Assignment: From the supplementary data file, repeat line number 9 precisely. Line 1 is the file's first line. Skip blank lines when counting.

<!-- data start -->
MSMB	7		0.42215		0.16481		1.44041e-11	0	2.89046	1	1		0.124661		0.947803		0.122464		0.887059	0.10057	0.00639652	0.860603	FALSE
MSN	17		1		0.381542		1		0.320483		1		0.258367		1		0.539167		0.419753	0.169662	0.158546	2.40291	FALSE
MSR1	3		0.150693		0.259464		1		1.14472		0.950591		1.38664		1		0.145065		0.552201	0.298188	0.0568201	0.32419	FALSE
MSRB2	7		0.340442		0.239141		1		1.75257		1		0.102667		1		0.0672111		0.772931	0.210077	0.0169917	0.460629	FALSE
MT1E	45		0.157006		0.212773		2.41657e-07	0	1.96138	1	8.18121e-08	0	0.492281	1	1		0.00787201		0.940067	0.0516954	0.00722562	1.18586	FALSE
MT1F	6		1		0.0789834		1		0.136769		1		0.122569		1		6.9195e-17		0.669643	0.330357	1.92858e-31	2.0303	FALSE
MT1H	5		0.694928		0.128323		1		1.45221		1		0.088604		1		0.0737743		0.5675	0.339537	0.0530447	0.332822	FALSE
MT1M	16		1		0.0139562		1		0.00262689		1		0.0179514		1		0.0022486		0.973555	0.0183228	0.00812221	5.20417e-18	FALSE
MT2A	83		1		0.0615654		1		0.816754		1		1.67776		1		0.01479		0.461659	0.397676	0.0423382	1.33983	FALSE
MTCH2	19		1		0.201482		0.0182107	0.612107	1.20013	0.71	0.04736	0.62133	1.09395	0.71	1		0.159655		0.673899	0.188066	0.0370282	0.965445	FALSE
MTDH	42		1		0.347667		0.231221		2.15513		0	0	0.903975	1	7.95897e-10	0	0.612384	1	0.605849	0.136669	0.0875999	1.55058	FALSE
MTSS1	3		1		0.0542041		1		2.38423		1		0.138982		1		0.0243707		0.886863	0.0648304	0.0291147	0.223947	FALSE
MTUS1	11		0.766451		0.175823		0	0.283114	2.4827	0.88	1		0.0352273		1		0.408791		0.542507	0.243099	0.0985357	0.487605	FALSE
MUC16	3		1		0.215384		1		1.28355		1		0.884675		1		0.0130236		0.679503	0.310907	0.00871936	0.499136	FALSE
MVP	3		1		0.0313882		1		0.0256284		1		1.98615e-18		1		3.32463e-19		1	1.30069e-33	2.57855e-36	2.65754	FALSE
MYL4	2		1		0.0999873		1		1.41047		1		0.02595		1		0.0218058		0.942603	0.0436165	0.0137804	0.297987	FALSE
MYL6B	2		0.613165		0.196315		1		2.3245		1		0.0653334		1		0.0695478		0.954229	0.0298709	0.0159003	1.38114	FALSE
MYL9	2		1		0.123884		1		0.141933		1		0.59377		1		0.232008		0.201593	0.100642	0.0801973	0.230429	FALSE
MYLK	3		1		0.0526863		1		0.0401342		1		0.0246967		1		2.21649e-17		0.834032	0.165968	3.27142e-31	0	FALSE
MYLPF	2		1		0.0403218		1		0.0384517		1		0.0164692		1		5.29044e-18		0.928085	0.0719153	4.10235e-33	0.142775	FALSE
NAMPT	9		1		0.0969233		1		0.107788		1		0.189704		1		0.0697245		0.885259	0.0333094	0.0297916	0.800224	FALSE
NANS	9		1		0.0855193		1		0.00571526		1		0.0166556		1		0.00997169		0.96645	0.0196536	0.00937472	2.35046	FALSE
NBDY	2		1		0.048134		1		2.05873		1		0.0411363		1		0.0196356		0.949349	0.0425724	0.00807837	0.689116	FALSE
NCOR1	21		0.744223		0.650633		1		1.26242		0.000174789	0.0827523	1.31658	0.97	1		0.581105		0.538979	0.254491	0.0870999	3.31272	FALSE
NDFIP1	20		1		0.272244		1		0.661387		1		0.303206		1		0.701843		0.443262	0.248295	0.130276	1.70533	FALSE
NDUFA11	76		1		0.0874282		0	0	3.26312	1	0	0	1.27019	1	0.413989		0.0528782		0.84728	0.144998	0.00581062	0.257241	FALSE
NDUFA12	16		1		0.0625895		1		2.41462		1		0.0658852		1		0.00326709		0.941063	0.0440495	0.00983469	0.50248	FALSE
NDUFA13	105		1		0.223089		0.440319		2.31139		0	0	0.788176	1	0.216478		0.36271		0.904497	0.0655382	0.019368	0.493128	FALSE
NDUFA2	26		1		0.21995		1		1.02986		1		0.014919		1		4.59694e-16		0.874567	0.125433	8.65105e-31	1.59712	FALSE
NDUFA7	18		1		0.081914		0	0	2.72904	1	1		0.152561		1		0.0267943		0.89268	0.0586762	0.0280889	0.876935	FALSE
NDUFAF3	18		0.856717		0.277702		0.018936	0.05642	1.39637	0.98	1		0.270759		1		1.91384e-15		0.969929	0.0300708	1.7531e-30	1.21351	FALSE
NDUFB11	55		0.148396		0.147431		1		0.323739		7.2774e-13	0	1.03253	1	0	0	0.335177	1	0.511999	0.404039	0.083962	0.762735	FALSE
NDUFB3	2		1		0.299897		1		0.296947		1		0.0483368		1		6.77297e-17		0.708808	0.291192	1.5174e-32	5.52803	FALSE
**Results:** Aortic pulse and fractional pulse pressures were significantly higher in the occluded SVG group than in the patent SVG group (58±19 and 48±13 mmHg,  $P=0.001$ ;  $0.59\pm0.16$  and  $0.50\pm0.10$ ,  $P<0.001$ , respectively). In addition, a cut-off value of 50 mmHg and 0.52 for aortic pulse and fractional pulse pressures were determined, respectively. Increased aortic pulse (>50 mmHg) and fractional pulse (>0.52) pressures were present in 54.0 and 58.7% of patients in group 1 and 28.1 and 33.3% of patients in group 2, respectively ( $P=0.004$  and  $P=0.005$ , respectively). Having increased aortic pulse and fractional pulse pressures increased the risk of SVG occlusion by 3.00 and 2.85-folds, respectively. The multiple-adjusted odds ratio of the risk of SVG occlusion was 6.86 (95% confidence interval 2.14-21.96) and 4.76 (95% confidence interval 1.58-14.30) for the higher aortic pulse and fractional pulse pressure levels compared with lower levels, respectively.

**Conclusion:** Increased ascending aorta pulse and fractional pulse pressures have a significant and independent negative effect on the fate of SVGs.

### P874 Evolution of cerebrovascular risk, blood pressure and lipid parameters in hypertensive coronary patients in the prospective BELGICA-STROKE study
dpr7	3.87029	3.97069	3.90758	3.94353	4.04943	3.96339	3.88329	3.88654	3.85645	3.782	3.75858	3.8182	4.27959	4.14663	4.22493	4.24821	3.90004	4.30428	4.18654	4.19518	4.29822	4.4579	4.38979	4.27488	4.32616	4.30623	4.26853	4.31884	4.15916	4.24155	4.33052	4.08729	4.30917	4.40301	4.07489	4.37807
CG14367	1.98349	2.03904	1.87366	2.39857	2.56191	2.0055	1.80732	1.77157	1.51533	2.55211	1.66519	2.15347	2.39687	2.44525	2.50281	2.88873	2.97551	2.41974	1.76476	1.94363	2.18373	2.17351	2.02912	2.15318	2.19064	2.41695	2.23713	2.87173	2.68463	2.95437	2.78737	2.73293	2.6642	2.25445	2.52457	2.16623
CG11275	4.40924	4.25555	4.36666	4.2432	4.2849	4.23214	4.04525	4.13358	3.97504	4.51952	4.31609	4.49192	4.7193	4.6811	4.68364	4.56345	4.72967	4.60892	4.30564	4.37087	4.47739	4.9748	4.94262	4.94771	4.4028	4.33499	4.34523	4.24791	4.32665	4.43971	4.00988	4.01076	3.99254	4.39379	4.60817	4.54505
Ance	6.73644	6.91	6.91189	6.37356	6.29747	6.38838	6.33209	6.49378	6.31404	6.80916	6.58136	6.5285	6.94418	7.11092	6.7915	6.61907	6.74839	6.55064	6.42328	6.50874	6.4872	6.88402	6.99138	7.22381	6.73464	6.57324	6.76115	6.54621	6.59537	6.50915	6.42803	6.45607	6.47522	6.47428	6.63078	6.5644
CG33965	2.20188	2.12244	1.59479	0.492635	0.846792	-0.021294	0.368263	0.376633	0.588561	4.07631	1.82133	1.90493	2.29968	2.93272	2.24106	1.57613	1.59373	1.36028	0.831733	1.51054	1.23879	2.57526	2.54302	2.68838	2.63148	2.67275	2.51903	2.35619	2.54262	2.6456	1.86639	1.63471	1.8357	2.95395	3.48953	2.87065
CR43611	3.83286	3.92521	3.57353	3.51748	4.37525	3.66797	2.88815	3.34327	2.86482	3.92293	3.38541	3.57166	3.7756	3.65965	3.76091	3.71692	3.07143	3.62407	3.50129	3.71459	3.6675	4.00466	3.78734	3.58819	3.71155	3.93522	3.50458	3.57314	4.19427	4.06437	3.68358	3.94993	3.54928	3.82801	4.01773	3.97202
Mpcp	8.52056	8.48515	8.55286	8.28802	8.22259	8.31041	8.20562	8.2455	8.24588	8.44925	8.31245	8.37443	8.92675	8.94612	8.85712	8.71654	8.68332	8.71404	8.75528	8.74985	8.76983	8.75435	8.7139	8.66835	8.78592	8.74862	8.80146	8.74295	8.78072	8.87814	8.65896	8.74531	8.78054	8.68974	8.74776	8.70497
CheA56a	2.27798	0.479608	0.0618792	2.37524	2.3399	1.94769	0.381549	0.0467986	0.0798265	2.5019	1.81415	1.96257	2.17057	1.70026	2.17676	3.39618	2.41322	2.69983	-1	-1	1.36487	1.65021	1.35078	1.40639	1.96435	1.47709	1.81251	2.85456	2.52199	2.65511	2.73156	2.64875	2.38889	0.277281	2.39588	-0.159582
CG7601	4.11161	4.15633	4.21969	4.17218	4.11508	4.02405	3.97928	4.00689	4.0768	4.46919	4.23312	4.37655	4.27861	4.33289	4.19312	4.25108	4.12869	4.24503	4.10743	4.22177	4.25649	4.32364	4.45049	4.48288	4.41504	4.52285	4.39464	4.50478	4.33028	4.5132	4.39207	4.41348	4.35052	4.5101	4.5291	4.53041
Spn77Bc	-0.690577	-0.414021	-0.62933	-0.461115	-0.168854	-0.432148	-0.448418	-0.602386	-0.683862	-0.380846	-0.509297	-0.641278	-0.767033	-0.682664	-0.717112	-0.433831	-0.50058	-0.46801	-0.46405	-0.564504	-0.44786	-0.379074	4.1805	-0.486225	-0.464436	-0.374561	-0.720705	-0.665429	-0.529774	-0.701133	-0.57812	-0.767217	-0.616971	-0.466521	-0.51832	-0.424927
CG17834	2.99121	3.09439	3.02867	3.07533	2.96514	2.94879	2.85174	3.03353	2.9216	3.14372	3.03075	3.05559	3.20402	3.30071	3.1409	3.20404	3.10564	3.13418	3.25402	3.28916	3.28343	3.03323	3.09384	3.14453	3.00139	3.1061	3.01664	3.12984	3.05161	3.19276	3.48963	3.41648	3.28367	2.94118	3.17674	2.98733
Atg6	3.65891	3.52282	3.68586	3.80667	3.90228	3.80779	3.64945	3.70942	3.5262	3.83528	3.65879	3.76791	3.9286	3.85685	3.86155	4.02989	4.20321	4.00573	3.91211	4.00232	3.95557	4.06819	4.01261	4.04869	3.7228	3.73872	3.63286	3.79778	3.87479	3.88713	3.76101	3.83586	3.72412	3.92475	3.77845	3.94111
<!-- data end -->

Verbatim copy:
MT2A	83		1		0.0615654		1		0.816754		1		1.67776		1		0.01479		0.461659	0.397676	0.0423382	1.33983	FALSE